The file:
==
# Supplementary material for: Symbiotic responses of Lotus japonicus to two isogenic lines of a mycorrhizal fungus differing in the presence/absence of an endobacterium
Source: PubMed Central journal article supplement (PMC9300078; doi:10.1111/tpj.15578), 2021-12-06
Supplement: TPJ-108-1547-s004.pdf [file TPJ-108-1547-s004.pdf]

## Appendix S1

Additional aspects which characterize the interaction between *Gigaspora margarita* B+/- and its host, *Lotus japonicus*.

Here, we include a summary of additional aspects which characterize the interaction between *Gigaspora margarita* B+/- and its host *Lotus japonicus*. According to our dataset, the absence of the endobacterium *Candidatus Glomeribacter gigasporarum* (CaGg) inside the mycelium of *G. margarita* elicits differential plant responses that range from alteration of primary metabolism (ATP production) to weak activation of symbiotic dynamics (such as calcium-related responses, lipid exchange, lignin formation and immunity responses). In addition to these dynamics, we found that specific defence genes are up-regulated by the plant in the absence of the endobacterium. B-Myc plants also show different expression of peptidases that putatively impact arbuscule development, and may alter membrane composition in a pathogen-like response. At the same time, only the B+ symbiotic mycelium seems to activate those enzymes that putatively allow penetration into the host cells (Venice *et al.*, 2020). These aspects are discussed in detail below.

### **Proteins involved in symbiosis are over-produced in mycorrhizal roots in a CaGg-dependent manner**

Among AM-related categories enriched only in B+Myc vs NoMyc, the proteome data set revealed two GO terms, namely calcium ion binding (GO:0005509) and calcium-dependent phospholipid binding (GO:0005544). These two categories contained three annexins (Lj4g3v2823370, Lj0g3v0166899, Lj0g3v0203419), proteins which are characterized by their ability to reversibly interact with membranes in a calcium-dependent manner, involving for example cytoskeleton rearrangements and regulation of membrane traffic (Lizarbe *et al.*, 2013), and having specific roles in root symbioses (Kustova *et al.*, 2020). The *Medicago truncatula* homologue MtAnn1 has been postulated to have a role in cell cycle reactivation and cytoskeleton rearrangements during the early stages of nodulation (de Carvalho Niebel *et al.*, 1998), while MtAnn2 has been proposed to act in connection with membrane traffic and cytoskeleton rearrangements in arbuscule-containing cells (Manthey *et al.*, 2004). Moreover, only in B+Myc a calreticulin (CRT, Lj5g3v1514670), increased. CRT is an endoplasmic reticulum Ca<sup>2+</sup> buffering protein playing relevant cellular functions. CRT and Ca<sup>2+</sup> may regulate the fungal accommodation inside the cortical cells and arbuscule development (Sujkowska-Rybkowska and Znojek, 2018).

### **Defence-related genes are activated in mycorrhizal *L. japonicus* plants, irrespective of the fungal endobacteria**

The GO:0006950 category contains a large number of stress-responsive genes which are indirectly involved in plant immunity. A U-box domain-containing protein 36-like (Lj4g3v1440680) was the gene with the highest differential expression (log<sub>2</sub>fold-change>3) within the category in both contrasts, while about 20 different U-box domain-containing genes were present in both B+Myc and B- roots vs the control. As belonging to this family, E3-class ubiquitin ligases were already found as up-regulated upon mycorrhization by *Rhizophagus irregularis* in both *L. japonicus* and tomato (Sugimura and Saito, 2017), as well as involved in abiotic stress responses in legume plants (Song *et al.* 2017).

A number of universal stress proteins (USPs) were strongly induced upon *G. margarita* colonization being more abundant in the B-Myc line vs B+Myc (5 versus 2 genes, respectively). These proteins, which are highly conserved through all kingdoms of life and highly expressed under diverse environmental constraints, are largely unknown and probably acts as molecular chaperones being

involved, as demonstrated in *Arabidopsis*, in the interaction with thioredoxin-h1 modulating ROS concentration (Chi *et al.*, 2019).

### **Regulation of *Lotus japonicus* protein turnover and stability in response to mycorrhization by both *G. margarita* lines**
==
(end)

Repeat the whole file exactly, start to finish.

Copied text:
# Supplementary material for: Symbiotic responses of Lotus japonicus to two isogenic lines of a mycorrhizal fungus differing in the presence/absence of an endobacterium
Source: PubMed Central journal article supplement (PMC9300078; doi:10.1111/tpj.15578), 2021-12-06
Supplement: TPJ-108-1547-s004.pdf [file TPJ-108-1547-s004.pdf]

## Appendix S1

Additional aspects which characterize the interaction between *Gigaspora margarita* B+/- and its host, *Lotus japonicus*.

Here, we include a summary of additional aspects which characterize the interaction between *Gigaspora margarita* B+/- and its host *Lotus japonicus*. According to our dataset, the absence of the endobacterium *Candidatus Glomeribacter gigasporarum* (CaGg) inside the mycelium of *G. margarita* elicits differential plant responses that range from alteration of primary metabolism (ATP production) to weak activation of symbiotic dynamics (such as calcium-related responses, lipid exchange, lignin formation and immunity responses). In addition to these dynamics, we found that specific defence genes are up-regulated by the plant in the absence of the endobacterium. B-Myc plants also show different expression of peptidases that putatively impact arbuscule development, and may alter membrane composition in a pathogen-like response. At the same time, only the B+ symbiotic mycelium seems to activate those enzymes that putatively allow penetration into the host cells (Venice *et al.*, 2020). These aspects are discussed in detail below.

### **Proteins involved in symbiosis are over-produced in mycorrhizal roots in a CaGg-dependent manner**

Among AM-related categories enriched only in B+Myc vs NoMyc, the proteome data set revealed two GO terms, namely calcium ion binding (GO:0005509) and calcium-dependent phospholipid binding (GO:0005544). These two categories contained three annexins (Lj4g3v2823370, Lj0g3v0166899, Lj0g3v0203419), proteins which are characterized by their ability to reversibly interact with membranes in a calcium-dependent manner, involving for example cytoskeleton rearrangements and regulation of membrane traffic (Lizarbe *et al.*, 2013), and having specific roles in root symbioses (Kustova *et al.*, 2020). The *Medicago truncatula* homologue MtAnn1 has been postulated to have a role in cell cycle reactivation and cytoskeleton rearrangements during the early stages of nodulation (de Carvalho Niebel *et al.*, 1998), while MtAnn2 has been proposed to act in connection with membrane traffic and cytoskeleton rearrangements in arbuscule-containing cells (Manthey *et al.*, 2004). Moreover, only in B+Myc a calreticulin (CRT, Lj5g3v1514670), increased. CRT is an endoplasmic reticulum Ca<sup>2+</sup> buffering protein playing relevant cellular functions. CRT and Ca<sup>2+</sup> may regulate the fungal accommodation inside the cortical cells and arbuscule development (Sujkowska-Rybkowska and Znojek, 2018).

### **Defence-related genes are activated in mycorrhizal *L. japonicus* plants, irrespective of the fungal endobacteria**

The GO:0006950 category contains a large number of stress-responsive genes which are indirectly involved in plant immunity. A U-box domain-containing protein 36-like (Lj4g3v1440680) was the gene with the highest differential expression (log<sub>2</sub>fold-change>3) within the category in both contrasts, while about 20 different U-box domain-containing genes were present in both B+Myc and B- roots vs the control. As belonging to this family, E3-class ubiquitin ligases were already found as up-regulated upon mycorrhization by *Rhizophagus irregularis* in both *L. japonicus* and tomato (Sugimura and Saito, 2017), as well as involved in abiotic stress responses in legume plants (Song *et al.* 2017).

A number of universal stress proteins (USPs) were strongly induced upon *G. margarita* colonization being more abundant in the B-Myc line vs B+Myc (5 versus 2 genes, respectively). These proteins, which are highly conserved through all kingdoms of life and highly expressed under diverse environmental constraints, are largely unknown and probably acts as molecular chaperones being

involved, as demonstrated in *Arabidopsis*, in the interaction with thioredoxin-h1 modulating ROS concentration (Chi *et al.*, 2019).

### **Regulation of *Lotus japonicus* protein turnover and stability in response to mycorrhization by both *G. margarita* lines**